Have you heard the terms ‘workplace pension’ and ‘auto enrolment’ being mentioned recently? You may have also seen television and newspaper adverts on the subject, so we thought we’d give you a brief rundown on just what it all means.
So what is this all about?
The Government are aware that not everybody saves money whilst they are working to help them pay for things when they stop. Whilst we should all get something from the state when we retire, this is usually not enough for us to live on comfortably. With people now generally living for longer and therefore spending a greater amount of time in retirement, it is important that everyone saves enough money now to help pay for the things they will need later in life. The Government has introduced some new laws to help tackle this issue and part of this law means that many UK workers will be automatically enrolled into a workplace pension.
When exactly will this happen?
The Government gives every company a different date to comply with the new laws – they call it the ‘staging date’. This simply means that, if you are an employer, you are required to follow these laws and take certain actions. The result of these actions means that you may have to be automatically enrolled into the pension scheme.
Who does this affect?
Not everybody has to be automatically enrolled into a pension scheme. Whether you are enrolled or not will depend on the amount of your earnings – either each week or each month, depending on how often you are paid. You will get a letter from your employer nearer the time which tells you if and when it will affect you, but if you are over the age of 22 and earn enough, you will be automatically enrolled.
What will happen if I earn enough to be automatically enrolled?
There are a couple of things that could happen, depending on which ‘group’ of worker you fall under. Here is a bit more detail:
Existing pension scheme members:
Nothing will really change for you as you have already joined your workplace pension scheme. Your employer will still write to you and tell you about this as they have to by law, but in most cases it won’t mean anything will change. For some of you, it might mean that your payments will go up, as there are minimum amounts that should be paid in. If you don’t want this to happen, then more information is given under the section titled ‘What if I don’t want to stay in the pension scheme?’
Workers who are not already in the pension scheme:
Your employer is required by law to automatically enrol many of its workers into the pension scheme. This simply means that if you are not in the pension scheme already then they may have to make you a member. If they do, then they also have to make a contribution for you which they will pay for. It also means that they take some money from your pay and contribute this into the pension on your behalf. When you contribute into the pension from your own pay, you will also get a contribution from the Government to top this up. You will only be automatically enrolled if your earnings are above a certain level and you will be written to if this is the case. You will be known as an ‘eligible jobholder’ if this applies to you.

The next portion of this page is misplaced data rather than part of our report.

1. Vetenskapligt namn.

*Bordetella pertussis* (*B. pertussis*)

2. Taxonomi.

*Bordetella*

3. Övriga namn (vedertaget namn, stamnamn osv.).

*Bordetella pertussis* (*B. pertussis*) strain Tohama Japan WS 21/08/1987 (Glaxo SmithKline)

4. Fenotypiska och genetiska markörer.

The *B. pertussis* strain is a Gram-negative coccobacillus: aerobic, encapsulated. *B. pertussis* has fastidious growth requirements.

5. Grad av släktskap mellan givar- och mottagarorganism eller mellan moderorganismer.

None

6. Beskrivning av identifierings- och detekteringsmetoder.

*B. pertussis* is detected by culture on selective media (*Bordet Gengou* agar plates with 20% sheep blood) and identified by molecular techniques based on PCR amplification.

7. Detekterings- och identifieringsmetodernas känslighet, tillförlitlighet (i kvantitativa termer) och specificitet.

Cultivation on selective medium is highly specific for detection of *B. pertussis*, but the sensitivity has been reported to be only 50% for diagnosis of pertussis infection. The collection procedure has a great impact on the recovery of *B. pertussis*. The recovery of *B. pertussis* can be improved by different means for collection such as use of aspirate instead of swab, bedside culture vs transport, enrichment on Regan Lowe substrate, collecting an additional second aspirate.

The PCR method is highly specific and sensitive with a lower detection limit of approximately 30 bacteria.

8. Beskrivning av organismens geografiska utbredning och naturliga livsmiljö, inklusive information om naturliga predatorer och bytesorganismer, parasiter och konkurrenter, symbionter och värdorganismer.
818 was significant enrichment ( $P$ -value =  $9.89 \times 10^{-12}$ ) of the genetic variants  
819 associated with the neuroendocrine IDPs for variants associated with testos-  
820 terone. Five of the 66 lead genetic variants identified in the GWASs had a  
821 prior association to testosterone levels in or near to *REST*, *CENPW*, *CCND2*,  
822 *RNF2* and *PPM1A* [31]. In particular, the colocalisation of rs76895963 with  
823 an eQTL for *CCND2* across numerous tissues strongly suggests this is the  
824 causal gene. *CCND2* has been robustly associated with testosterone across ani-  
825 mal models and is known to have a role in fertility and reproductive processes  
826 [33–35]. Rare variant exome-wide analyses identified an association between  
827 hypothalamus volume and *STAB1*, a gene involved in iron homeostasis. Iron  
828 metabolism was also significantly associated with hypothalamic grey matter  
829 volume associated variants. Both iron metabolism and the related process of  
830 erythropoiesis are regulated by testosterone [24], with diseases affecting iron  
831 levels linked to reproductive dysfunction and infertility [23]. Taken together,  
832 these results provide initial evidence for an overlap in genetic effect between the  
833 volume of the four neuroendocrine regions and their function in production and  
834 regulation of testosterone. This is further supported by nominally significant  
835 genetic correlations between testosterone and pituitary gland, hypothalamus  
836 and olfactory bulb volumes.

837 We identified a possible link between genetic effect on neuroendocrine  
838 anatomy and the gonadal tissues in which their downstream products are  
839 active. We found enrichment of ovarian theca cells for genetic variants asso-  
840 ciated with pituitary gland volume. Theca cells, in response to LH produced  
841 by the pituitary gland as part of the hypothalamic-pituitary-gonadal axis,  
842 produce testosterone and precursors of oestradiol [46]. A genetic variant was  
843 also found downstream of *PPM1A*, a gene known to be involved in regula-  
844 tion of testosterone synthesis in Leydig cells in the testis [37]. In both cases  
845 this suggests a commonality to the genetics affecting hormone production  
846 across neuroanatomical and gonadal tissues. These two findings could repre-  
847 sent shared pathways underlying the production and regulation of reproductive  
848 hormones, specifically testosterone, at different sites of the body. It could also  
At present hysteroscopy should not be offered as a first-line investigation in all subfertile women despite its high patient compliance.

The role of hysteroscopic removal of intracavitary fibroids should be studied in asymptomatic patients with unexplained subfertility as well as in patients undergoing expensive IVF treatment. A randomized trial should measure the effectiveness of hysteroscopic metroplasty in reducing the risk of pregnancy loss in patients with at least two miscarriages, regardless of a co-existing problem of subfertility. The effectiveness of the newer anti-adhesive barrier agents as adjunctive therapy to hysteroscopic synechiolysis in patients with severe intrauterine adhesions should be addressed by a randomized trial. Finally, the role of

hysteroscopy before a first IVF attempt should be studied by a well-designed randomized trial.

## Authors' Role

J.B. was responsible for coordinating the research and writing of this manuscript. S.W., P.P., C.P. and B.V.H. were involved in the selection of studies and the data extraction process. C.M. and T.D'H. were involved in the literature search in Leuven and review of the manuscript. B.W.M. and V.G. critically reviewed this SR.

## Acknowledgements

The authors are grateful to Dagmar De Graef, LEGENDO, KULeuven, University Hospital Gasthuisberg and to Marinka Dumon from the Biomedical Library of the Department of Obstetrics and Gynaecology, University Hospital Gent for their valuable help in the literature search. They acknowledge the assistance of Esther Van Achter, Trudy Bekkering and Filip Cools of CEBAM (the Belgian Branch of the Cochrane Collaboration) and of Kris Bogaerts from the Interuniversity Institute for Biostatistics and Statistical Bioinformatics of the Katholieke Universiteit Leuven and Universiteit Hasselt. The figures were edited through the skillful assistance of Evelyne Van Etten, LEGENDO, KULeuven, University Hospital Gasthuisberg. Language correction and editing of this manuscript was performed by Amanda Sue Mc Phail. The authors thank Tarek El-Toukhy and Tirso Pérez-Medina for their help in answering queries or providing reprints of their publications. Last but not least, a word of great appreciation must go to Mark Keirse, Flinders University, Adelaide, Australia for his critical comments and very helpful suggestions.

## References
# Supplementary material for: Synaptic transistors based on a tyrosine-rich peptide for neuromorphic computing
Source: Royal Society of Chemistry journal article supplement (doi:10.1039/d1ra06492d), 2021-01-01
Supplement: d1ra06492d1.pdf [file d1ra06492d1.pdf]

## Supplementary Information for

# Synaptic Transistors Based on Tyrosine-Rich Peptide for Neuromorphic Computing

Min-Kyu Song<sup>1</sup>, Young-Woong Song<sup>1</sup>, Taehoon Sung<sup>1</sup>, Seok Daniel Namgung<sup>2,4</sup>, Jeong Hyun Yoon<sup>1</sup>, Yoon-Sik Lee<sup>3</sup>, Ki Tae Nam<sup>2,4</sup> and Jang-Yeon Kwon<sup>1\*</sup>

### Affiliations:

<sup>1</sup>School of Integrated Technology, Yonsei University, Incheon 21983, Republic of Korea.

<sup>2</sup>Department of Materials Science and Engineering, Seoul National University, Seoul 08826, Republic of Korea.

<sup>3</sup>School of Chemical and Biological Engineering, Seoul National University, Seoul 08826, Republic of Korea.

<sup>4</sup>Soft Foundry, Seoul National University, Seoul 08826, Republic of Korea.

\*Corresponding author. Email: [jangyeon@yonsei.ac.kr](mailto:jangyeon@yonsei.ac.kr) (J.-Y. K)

What if I’m not automatically enrolled?
You don’t have to do anything. You may not have been automatically enrolled because of your age or the amount of money that you earn. This could change in the future and you will have to keep an eye on this to see if it does. If you have to be automatically enrolled at some point in the future, then your employer will write to you again separately and tell you.
You can also choose to join the pension scheme at anytime and you will just need to contact your HR department. If you pay into the pension yourself then the Government will top this up for you and, in some cases, your employer might pay in too, but it will depend on how much you earn.
What if I don’t want to stay in the pension scheme?
This will depend on how you joined the pension scheme in the first place.
If you were automatically enrolled into the pension scheme then you have a time period of 1 month where you can choose to leave. Leaving the pension in this way is called ‘opting-out’ and it will undo the whole process, so it’s as if you were never a member in the first place. This means that you will be given back the amount of money that was taken from your pay and paid into the pension. You don’t, however, get any of the money that your employer has paid in for you or the top-up payment from the Government.
If you miss the 1 month time limit, or you were already in the pension scheme on 1st February, then you can still leave the pension scheme at any time. You won’t get a refund of the money that you paid in to the pension and this will have to stay there until you retire.
If you make the decision yourself to join the pension scheme and then later change your mind, you may not get your payment refunded to you – this will stay in the pension scheme until you retire.
What if I want to stay in the pension but pay in a different amount?
Your employer may be required by law to automatically enrol you and to pay a minimum amount into the pension; some from you and some from them. If you decide you want to pay in a bit more, or even a bit less, then you can request this by contacting your HR department.